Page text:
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The selection process for the market's third operator was a spectacle to behold
As featured on the DisruptiveViews blog
Whilst the telecom industry seems to be spending and inordinate amount of time and money coming to grips with the digital revolution it is dwarfed by the issues being faced by other sectors no less affected.
Retailers with traditional bricks and mortar outlets have had to rethink their whole strategy with the onslaught of online stores that have popped up in their thousands. They have realized that even whilst customers enjoy the convenience and savings of shopping online nothing can take away the experience of seeing, touching and feeling the merchandise.
It seems that customers even go to the extent of visiting stores to decide on which goods they want to purchase and doing price comparisons then going home and ordering online. Sharp retailers have picked up on this and have concentrated their efforts on improving the in-store experience and retraining staff to emphasize the benefits and cost savings of buying then and there.
To combat the Christmas online purge, English high street retailers offered a ‘click and collect’ service that allowed customers to buy online and pick up the goods from the store via dedicated, well-manned counters. The benefits to the customer include not having to wait for home delivery, saving on the cost of delivery, getting faster service and still having some retail therapy to get them out of the house. Oh, and they tend to buy something else as they pass through the stores!
US retailer, Nordstrom, acquired Trunk Club, a service for men that matches shoppers with in-store stylists and sends hand-selected clothing to the consumer’s home. Last year, Home Depot tried a similar idea with the launch of a Christmas tree delivery service in New York City.
Those same retailers are also looking at ways to reduce costs so they can compete equitably with prices the low-cost online providers offer due to their lower cost structures. Like their telecom compatriots, they are finding there is a lot of ‘fat’ built up over the years that needs to be ‘burnt off’ that does not necessarily mean firing staff.
But it is the massive growth in mobile phone activity that is causing the most angst to all sectors and those in marketing and advertising are having to scramble to reinvent the way they promote their customer’s brands and products.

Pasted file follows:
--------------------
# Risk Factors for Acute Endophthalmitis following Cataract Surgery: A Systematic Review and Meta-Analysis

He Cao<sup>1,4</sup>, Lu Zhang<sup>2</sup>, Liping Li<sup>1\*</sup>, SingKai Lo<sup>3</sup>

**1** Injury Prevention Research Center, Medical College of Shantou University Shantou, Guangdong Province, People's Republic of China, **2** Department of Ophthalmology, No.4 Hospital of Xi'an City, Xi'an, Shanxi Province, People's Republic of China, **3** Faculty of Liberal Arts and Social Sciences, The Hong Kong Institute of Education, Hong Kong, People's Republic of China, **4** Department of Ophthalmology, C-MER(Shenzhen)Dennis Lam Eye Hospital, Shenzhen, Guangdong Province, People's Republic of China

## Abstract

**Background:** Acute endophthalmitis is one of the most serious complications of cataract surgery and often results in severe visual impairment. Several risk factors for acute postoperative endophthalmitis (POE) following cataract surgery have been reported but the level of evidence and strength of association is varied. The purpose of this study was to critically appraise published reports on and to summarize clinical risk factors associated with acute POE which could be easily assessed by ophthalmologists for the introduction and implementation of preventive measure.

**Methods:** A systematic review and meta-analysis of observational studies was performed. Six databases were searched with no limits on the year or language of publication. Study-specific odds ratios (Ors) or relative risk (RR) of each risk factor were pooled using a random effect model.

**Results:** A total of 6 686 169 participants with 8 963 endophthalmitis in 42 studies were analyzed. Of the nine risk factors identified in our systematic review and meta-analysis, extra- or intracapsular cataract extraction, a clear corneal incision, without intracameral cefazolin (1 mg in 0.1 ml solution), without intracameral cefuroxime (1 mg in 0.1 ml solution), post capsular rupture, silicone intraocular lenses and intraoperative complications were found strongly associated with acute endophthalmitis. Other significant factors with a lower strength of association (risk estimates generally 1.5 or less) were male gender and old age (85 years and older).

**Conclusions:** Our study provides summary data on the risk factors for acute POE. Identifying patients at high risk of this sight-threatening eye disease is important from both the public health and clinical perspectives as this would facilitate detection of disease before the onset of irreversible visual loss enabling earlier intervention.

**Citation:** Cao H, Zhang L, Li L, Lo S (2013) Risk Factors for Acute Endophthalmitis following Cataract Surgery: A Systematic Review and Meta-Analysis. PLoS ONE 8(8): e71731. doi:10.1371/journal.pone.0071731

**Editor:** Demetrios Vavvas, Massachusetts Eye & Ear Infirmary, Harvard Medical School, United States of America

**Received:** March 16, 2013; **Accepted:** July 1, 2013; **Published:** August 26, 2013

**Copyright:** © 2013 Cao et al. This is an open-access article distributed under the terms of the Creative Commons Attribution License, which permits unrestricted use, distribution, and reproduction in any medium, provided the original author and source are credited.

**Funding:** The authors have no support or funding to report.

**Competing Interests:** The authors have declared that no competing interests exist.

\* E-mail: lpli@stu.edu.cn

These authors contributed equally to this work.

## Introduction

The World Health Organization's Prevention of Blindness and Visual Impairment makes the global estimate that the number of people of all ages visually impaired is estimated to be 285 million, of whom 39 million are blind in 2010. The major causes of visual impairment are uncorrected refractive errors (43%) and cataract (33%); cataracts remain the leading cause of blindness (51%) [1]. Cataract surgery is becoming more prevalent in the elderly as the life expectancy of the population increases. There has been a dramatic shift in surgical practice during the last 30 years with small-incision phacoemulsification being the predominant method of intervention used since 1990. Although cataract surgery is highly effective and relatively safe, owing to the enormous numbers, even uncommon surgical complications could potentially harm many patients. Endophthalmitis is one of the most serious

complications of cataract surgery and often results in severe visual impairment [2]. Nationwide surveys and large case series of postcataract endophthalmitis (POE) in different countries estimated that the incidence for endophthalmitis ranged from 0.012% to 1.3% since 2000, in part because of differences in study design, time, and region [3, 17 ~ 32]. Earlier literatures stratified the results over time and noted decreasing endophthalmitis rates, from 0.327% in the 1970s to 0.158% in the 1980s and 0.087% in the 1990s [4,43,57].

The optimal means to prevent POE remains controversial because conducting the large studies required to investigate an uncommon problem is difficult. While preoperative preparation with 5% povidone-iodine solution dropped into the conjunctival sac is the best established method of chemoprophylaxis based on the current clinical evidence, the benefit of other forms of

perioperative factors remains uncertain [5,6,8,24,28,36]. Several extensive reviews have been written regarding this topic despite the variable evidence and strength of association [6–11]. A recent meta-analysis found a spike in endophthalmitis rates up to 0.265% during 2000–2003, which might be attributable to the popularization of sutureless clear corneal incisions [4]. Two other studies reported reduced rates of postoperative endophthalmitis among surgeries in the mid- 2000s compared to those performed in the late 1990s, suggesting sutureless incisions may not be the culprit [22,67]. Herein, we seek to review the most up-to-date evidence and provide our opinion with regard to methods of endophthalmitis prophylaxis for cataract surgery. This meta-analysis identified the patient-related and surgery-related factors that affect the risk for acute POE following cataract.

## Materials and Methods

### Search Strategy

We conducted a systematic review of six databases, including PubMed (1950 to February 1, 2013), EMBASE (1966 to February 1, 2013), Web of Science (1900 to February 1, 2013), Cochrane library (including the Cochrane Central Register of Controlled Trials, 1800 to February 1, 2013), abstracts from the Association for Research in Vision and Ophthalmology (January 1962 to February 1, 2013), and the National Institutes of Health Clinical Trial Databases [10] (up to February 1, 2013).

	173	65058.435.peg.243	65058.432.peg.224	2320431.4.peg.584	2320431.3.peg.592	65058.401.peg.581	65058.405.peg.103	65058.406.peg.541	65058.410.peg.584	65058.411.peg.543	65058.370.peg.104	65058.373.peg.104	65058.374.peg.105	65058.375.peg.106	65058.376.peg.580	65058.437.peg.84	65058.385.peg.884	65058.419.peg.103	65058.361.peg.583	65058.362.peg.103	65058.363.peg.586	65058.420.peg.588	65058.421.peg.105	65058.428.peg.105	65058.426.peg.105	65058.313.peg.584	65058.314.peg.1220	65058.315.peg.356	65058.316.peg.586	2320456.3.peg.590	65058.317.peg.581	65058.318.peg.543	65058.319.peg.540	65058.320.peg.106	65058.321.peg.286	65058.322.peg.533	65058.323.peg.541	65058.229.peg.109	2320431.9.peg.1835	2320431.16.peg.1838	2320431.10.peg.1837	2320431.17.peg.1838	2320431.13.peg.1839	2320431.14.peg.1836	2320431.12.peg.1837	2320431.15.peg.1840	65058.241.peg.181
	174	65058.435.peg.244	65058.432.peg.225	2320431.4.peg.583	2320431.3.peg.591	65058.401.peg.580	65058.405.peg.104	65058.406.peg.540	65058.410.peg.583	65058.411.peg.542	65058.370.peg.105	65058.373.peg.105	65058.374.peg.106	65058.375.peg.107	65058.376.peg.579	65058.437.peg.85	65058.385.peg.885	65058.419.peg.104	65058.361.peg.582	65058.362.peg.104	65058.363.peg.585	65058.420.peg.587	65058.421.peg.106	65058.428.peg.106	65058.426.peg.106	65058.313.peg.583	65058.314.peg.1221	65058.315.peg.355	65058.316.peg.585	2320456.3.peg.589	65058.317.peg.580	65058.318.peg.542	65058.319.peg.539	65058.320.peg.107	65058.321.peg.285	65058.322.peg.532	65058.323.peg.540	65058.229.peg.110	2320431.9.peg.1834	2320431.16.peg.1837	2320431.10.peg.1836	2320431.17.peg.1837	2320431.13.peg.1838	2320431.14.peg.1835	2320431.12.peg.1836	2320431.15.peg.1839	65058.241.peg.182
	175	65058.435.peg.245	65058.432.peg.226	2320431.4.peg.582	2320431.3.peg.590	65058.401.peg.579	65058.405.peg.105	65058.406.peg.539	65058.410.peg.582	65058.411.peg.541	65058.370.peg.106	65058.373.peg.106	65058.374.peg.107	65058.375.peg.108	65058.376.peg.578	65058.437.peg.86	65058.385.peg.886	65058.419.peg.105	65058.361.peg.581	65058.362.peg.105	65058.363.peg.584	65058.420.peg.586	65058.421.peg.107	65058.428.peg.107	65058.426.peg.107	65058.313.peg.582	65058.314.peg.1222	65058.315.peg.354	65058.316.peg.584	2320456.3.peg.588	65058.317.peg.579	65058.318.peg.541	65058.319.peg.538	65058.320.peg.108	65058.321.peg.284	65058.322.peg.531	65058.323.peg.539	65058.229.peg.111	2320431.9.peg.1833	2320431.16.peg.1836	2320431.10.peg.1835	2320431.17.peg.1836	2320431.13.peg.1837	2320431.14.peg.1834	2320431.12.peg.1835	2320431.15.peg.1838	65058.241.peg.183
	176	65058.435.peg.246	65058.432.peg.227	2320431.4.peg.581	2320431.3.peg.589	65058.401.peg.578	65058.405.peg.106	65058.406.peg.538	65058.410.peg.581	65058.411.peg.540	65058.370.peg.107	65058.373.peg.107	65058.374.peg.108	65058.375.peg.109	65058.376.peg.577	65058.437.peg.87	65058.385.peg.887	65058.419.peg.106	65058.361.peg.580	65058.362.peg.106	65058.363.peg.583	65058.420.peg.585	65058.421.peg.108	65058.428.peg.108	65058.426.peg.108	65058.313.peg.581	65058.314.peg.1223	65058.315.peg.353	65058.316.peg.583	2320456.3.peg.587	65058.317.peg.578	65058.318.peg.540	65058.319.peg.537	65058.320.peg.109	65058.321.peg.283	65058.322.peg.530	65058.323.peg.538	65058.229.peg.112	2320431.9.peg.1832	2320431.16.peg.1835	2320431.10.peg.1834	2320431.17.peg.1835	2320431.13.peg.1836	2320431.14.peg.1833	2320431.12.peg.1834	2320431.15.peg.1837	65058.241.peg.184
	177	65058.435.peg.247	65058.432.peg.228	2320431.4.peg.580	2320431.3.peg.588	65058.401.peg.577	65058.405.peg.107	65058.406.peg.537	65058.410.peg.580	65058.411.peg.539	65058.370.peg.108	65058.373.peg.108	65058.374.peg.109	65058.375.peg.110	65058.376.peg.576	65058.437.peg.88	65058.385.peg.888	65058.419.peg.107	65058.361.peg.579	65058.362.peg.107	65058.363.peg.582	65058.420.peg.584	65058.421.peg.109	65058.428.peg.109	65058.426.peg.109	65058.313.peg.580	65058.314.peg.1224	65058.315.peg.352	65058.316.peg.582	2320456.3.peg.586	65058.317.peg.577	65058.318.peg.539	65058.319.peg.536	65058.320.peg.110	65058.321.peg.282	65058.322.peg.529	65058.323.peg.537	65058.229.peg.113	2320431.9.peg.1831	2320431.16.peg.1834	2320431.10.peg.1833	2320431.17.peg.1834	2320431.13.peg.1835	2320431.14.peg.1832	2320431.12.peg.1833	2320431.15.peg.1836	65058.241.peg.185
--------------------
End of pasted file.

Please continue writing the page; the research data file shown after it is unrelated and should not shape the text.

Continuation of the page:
As Monday Note pointed out for 2015, “the vast majority of media will see more than 50% of their traffic coming from mobile devices (Facebook is way ahead with 65%). We might see a new breed of mobile-only quality media, but the ecosystem still has to come up with ad formats that don’t irritate audiences, and adjusting revenue streams won’t be easy.”
Sounds familiar, doesn’t it? Having to adjust they way traditional business has been done for decades because of technology that the masses have adopted. And even though telecom operators have been largely instrumental in the success of mobile phone penetration they, too, have underestimated the social and business effect it has created.
Even with 85% of the world population living within range of a mobile network tower (including 2G connectivity), 4.3 billion people are still not connected to the web. By the time they are, almost all commercial activity around retail, social, business, B2B, C2C and even IoT will be mobile based and that will place great pressure on those tasked with attracting an audience.
Advertising will take on a whole new perspective. At the moment it is fumbling its way through ads on social networks and tags on videos but it will have to get a lot more radical if it is going to generate the traffic those old TV ads, glossy magazine inserts and full page newspaper spreads used to get.
This is likely to be the next big area of disruption. Getting the right message to different customer sectors will be a science. Getting the mix right between intrusion and acceptance will be an art!